Now it’s time to build our first client application. Just create a new .NET Core console app and install the NuGet packages Google.Protobuf, Grpc.Net.Client and Grpc.Tools. Afterward, just add a link to the protobuf file you have already used to create the server application. The resulting *.csproj-file can look like this sample file.

Please note that property GrpcServices of the <Protobuf/> tag is set to value Client. This advises the protoc compiler to create client stubs instead of the server related parts.

So let’s start creating our client. First, we must create a GrpcChannel using the URI of our gRPC server application. In a second step, we can use this channel to setup our gRPC service client. Using this client we can call all defined methods. The following sample shows a unary RPC call. To use a gRPC client without TLS support in .NET Core 3.x, an additional step is required. The switch System.Net.Http.SocketsHttpHandler.Http2UnencryptedSupport of our application context must be true. Apps using .NET 5 framework don't need additional configuration, but to call insecure gRPC services they must use Grpc.Net.Client version 2.32.0 or later.

When using a ASP.NET Core application gRPC client implementation is even easier using HttpClientFactory integration. Therefore, just install Grpc.Net.ClientFactory package and register the gRPC service during startup:

The gRPC client type is registered transient within ASP.NET Core dependency injection mechanism. So the client can easily be injected and consumed in types created by dependency injection, e.g. controllers.

That’s all you have to know when you start building a first gRPC server and client using C#. Please see the code reference at the end of the article for a fully working example.

Python meets .NET

Since gRPC is available in a lot of programming languages, it enables communication between them. Let’s think about multiple microservices. One is developed using C#, one using Node.js, and another one using Python. And of course, all of them can integrate. In this section, we will focus on communication between .NET and Python. (Please note that the following samples require Python and pip installed on the respective system)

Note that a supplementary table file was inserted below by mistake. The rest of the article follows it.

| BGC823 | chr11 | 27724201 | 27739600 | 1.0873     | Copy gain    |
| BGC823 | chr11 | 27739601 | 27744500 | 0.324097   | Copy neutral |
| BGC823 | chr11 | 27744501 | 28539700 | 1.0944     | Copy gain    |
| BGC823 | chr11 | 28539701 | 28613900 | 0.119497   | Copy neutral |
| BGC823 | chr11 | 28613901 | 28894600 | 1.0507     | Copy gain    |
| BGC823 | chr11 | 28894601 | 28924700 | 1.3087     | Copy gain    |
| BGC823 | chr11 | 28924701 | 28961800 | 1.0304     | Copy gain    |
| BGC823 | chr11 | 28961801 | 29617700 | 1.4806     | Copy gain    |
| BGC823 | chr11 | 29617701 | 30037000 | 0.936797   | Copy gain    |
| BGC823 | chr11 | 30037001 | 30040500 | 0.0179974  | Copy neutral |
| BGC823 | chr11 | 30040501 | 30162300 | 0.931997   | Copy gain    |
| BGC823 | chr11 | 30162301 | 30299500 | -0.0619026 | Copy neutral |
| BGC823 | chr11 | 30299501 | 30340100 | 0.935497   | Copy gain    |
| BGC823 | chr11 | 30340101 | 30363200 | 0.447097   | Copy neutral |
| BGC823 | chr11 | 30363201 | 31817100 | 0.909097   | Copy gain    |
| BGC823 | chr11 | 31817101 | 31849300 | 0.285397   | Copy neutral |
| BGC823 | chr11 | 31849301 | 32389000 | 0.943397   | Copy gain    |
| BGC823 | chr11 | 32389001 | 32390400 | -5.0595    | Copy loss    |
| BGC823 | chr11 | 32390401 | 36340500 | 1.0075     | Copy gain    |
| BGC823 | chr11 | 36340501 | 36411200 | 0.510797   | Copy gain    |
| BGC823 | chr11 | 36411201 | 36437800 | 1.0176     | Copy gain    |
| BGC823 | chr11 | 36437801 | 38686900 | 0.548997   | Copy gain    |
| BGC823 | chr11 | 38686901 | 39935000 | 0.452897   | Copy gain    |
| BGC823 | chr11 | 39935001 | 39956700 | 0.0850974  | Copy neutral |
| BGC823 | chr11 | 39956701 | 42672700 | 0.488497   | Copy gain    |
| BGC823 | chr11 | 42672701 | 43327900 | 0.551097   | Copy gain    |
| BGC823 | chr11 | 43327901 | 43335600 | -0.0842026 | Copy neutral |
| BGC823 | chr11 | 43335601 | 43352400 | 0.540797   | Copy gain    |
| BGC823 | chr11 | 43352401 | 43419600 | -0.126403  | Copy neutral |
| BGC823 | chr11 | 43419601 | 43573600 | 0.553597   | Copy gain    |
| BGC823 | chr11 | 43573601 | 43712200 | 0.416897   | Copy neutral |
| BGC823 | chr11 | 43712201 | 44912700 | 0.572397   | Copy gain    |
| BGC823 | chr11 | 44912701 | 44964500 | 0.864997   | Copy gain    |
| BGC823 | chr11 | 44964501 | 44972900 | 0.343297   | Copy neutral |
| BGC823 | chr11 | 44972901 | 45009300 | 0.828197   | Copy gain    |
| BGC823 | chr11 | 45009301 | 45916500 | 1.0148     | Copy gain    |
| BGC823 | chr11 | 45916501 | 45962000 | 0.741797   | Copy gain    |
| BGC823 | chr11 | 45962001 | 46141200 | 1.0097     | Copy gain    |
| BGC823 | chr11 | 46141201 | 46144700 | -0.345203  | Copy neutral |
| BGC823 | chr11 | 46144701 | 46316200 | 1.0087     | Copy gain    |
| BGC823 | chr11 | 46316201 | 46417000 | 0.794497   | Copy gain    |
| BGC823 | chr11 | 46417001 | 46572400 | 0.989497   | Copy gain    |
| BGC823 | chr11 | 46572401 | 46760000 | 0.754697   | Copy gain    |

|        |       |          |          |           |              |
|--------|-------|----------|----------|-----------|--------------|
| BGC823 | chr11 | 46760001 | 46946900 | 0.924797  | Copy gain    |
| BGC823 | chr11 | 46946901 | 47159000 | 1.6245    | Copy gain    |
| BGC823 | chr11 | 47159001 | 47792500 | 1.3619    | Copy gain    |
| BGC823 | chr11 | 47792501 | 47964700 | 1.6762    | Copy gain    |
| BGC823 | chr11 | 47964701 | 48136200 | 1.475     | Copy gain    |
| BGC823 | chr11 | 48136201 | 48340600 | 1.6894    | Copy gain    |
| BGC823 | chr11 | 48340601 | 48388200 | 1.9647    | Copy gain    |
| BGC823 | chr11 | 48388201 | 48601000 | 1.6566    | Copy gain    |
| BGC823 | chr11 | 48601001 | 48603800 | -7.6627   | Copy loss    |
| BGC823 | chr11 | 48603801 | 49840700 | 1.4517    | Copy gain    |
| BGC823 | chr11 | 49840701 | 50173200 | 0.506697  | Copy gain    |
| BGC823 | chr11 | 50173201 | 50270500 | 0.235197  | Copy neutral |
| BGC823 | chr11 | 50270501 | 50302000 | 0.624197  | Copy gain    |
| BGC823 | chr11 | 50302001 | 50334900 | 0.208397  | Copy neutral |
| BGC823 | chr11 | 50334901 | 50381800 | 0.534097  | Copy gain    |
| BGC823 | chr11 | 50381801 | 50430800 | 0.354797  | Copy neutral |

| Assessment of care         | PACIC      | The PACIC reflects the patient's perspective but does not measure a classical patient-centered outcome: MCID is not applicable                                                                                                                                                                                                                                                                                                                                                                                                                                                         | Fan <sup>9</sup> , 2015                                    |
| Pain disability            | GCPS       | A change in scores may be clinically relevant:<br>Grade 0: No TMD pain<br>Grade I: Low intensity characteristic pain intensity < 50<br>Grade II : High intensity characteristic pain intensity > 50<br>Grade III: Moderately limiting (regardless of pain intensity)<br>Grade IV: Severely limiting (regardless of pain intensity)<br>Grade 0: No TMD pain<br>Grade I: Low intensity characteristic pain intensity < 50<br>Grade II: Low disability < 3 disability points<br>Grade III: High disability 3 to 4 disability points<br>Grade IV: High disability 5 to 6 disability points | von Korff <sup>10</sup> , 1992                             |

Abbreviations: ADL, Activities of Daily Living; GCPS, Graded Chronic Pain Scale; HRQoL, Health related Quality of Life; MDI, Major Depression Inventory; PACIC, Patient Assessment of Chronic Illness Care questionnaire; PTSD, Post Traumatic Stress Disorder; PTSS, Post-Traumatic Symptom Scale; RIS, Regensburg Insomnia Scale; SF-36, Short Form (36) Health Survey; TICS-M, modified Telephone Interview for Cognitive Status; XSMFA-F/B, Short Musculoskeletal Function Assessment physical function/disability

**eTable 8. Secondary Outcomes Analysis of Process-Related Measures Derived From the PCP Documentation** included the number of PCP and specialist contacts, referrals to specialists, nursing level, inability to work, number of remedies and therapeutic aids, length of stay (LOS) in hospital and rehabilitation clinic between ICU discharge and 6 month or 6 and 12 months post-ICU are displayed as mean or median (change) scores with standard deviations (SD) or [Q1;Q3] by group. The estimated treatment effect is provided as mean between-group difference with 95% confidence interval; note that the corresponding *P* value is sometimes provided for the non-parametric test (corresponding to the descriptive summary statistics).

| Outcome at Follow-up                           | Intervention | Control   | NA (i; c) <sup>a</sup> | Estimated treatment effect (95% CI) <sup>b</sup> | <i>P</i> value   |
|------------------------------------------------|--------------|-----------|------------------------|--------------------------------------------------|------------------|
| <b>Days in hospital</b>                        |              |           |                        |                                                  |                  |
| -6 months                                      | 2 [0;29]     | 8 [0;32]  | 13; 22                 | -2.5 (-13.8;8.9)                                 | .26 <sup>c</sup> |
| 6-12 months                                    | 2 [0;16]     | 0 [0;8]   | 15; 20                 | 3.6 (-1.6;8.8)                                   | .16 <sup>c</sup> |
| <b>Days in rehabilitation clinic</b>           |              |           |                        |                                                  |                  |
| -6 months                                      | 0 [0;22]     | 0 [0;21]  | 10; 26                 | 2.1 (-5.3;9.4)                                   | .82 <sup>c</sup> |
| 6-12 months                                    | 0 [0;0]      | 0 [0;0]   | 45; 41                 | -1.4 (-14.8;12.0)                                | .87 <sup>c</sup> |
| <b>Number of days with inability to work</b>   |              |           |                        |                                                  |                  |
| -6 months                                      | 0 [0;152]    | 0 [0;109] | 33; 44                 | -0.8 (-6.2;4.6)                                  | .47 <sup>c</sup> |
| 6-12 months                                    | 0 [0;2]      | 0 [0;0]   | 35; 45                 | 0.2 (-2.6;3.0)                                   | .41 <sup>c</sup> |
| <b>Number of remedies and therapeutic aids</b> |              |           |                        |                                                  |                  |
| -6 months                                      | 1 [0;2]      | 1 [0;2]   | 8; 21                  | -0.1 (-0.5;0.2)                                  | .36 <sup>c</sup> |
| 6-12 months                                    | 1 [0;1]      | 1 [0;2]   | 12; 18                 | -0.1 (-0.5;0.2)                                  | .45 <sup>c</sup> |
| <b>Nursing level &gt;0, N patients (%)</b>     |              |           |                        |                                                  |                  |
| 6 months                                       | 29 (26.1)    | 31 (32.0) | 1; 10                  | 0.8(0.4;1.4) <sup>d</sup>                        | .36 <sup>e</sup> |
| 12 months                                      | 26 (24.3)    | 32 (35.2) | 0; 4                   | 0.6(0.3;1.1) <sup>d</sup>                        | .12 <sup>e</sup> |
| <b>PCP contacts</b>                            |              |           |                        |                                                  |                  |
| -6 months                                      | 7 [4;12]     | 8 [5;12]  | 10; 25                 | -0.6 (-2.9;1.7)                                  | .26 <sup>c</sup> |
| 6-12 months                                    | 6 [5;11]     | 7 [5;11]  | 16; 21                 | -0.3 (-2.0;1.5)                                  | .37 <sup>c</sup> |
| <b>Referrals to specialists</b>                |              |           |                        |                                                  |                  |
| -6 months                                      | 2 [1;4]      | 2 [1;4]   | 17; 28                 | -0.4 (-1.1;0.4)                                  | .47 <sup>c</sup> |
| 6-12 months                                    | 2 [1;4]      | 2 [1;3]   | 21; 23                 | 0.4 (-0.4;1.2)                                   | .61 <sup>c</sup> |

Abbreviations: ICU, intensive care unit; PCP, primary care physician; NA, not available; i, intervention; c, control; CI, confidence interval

Before we can start writing our Python client we have to install gRPC related dependencies and generate Python stubs for our protobuf file. Following commands demonstrates the required steps:

The result of these steps contains two files:

  • foo_pb2.py which contains generated request and response classes
  • foo_pb2_grpc.py which contains generated client and server classes.

Our gRPC server is running based on ASP.NET Core and using TLS for secure communication, so we have to export the .NET development certificate first. Therefore, you have to open the Windows Certificate Manager using the command certmgr. Within the certificate manager navigate to Current user > Personal > Certificates and export the certificate having ASP.NET Core HTTPS development certificate set as friendly name. Please use the following export options Without key, DER-coded X.509 (.cer). Python supports certificate using PEM-format by default. So the easiest way is to convert our certificate to this format. This can be done using the command openssl x509 -inform der -in localhost.cer -out localhost.pem.

Finally, it’s time to have a look at a sample gRPC client implementation using Python. We are using the generated gRPC stubs and our certificate to set up our simple test client as shown in the next code snippet:

Now you can run the Python application using python client.py. The script calls our ASP.NET Core based gRPC server using a secured communication channel and print the server response to the console.

Wrapping up

In this article, I walked you through the basics of gRPC and how it can be used using various programming languages. Based on this you can now build your own services that can communicate in a very efficient way. In .NET 5 there are further performance improvements concerning the gRPC stack. So there is no reason to build inter-service calls without the use of gRPC.

On GitHub, a full working sample application is available. It covers client and server applications to communication between different services written in different programming languages. (Example how to work with gRPC using .NET Core / ASP.NET Core and Python)

Thank you for taking the time to read my article. 😄